“Until our investigation showed Backpage was actively facilitating sex trafficking, the company had repeatedly used the federal law that protects online platforms to escape accountability for the disgusting crimes it aided,” said McCaskill, a former prosecutor. “But even as we’ve helped deny Backpage its legal shield in these cases, we need a broader effort to stop the next Backpage, before it starts. And that’s what this bipartisan bill is all about—better protecting Missouri’s families from sex trafficking by making clear to any company considering going into business with sexual predators, that the law won’t protect them from responsibility.”

Backpage has stated that it monitors and removes thousands of ads and helps law enforcement track down pimps and rescue trafficked children. Some say that targeting Backpage will only displace the sex ads to other websites, that Backpage is more responsive to police than other sites, and that closing Backpage’s adult ads wouldn’t address the underlying problem of adult male demand for underage commercial sex.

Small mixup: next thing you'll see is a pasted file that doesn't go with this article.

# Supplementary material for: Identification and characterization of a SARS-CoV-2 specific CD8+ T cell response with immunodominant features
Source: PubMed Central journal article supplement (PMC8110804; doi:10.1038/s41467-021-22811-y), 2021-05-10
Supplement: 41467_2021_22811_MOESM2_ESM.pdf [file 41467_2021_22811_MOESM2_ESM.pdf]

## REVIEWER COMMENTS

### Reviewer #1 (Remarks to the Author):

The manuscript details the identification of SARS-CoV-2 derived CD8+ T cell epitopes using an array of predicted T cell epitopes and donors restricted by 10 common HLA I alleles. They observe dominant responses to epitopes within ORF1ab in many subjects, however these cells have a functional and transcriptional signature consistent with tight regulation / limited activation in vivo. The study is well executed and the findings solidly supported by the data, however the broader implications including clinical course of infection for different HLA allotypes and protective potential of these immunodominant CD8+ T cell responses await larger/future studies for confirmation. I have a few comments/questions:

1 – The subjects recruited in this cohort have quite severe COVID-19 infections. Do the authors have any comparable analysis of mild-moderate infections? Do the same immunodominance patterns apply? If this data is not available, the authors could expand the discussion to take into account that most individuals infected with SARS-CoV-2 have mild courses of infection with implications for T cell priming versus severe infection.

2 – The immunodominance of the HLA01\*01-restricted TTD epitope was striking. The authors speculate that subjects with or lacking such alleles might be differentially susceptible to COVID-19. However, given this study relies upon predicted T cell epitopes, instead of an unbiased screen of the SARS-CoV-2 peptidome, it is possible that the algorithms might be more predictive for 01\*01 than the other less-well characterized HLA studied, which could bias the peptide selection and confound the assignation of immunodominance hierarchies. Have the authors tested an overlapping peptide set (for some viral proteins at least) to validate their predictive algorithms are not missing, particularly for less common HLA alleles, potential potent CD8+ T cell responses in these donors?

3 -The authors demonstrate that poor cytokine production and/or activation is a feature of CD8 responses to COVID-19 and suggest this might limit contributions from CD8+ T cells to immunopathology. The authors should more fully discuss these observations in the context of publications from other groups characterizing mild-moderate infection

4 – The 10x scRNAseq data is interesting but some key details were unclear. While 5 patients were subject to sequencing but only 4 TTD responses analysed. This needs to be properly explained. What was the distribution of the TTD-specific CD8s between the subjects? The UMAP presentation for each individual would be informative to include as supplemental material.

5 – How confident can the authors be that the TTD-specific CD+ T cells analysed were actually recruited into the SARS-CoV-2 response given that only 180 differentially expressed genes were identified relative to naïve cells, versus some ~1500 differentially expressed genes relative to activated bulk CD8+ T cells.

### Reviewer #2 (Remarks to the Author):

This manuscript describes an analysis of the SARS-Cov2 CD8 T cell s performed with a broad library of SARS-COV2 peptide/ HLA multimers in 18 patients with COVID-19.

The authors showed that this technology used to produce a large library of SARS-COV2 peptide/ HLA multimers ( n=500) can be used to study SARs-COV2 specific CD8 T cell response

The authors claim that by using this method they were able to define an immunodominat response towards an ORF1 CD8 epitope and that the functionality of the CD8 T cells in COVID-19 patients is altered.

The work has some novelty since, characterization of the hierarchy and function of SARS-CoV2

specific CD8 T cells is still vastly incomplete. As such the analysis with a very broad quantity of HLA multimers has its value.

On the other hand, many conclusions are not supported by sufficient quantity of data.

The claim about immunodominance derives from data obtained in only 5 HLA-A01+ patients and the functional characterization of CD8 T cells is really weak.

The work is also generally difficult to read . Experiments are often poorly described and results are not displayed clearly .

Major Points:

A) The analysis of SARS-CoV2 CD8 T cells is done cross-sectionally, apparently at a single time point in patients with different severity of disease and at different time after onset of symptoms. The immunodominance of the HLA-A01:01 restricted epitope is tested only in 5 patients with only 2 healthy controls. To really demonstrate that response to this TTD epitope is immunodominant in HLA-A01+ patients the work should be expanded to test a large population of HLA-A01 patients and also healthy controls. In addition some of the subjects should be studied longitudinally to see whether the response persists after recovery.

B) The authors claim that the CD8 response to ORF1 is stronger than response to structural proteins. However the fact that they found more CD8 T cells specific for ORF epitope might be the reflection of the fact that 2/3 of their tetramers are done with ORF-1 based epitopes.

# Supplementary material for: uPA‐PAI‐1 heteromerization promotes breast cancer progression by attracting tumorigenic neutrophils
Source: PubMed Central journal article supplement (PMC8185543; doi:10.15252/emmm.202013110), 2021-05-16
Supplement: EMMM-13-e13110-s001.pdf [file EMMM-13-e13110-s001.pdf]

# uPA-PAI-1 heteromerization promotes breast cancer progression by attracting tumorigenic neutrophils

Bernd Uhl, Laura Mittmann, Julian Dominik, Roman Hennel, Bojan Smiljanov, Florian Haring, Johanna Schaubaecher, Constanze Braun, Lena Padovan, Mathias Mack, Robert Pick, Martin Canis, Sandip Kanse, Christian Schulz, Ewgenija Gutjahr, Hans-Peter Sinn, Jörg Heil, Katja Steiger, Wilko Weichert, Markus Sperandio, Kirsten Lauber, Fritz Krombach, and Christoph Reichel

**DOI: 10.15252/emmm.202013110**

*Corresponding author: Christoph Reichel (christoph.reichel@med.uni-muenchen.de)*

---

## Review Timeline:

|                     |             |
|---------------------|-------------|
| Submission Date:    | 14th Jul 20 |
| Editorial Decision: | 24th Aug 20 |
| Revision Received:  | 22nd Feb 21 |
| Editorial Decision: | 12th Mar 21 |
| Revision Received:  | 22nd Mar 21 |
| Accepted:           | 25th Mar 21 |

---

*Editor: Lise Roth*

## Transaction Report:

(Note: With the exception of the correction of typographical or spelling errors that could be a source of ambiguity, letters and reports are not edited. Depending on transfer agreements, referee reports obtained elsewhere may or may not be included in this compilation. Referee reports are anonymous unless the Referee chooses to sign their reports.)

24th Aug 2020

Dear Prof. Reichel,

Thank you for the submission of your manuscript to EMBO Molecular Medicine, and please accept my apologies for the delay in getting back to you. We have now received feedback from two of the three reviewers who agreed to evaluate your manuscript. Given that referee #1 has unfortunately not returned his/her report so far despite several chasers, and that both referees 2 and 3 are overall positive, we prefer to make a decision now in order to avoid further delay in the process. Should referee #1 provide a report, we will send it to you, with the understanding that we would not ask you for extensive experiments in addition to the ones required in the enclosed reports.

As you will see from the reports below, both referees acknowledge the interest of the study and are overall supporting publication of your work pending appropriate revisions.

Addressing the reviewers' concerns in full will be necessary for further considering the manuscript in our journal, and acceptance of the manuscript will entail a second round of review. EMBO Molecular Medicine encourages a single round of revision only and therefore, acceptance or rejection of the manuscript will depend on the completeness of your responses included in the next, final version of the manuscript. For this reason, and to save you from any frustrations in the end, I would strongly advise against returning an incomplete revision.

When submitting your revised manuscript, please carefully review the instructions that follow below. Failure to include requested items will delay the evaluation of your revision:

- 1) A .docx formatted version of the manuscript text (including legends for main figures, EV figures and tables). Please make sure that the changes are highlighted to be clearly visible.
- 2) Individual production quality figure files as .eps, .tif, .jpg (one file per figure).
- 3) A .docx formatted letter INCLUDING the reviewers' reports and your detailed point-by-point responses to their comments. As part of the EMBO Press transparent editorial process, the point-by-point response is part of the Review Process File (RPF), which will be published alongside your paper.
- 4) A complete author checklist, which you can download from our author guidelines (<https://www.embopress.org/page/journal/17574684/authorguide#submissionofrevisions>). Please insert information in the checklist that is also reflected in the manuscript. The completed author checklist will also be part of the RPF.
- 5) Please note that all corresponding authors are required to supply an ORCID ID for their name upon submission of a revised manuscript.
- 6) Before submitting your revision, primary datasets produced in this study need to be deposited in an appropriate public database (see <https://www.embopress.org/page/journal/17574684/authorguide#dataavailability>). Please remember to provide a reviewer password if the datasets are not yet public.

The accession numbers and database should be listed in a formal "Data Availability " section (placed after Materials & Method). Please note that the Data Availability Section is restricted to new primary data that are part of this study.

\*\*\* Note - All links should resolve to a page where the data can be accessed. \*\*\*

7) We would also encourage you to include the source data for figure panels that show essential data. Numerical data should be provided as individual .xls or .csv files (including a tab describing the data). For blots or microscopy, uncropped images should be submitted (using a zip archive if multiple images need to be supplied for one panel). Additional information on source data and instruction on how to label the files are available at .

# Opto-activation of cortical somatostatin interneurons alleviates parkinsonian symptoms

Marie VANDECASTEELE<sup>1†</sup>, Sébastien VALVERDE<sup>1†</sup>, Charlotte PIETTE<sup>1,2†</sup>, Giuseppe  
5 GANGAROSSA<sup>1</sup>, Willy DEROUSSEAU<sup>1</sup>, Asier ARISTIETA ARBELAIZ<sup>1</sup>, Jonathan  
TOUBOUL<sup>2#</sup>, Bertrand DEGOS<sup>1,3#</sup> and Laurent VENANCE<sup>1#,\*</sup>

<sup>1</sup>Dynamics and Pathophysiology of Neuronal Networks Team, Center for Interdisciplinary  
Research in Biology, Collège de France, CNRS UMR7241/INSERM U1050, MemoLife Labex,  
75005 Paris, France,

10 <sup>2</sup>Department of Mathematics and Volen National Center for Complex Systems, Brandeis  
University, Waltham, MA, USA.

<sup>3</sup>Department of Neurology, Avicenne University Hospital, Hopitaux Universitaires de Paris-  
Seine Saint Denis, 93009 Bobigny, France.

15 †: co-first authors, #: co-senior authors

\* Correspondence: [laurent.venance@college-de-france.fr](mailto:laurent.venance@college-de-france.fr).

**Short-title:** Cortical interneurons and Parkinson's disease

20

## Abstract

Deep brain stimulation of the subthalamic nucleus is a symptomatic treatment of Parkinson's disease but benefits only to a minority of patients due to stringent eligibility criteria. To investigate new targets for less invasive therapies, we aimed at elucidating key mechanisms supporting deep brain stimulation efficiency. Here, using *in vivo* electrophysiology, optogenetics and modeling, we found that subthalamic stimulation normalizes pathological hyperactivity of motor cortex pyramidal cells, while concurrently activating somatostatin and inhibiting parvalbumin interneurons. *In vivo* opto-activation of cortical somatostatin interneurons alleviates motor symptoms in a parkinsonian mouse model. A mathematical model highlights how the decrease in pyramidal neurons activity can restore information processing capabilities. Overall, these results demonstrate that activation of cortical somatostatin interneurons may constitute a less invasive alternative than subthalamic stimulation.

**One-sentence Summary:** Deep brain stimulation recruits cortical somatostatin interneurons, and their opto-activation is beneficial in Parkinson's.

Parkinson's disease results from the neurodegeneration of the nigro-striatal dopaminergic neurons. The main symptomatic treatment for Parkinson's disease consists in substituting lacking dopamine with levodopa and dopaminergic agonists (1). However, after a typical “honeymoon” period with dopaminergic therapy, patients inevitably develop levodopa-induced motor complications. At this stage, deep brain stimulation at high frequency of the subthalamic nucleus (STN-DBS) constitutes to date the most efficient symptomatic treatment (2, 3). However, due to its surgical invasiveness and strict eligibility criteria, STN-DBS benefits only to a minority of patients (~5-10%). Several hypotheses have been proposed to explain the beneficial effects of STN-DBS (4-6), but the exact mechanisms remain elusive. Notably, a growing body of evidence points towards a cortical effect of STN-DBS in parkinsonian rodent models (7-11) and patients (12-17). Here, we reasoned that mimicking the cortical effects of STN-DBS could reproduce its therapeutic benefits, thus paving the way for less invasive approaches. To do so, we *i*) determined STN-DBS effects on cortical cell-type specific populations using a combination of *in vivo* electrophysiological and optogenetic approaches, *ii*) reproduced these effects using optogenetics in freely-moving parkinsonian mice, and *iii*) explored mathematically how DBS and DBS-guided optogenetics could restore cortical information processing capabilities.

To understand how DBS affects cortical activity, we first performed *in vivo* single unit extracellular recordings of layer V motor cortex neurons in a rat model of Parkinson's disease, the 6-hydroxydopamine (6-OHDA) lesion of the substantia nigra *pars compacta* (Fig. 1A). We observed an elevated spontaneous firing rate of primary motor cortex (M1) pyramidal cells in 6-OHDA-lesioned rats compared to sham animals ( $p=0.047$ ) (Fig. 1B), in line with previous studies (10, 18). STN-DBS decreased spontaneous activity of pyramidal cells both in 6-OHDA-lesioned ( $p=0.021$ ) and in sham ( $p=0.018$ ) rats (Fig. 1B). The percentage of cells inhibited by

In April, Rep. Ann Wagner (R-Mo.) introduced a slightly broader bill in the House which now has 101 co-sponsors. In addition to amending the Communications Decency Act, it also seeks to amend the federal criminal code to say that any website provider who publishes information from anyone, “with reckless disregard that the information … is in furtherance of” sex trafficking of a person under 18 “shall be fined … or imprisoned not more than 20 years, or both.”

Consumer Watchdog, an advocacy group that recently published a report on the Internet groups who oppose changing the decency act, issued a letter last month to the chairmen and ranking Democrats of the committees considering Wagner’s bill, calling on them to schedule hearings immediately. “Internet freedom,” the group wrote, “must not come at the expense of children who are sex trafficked.”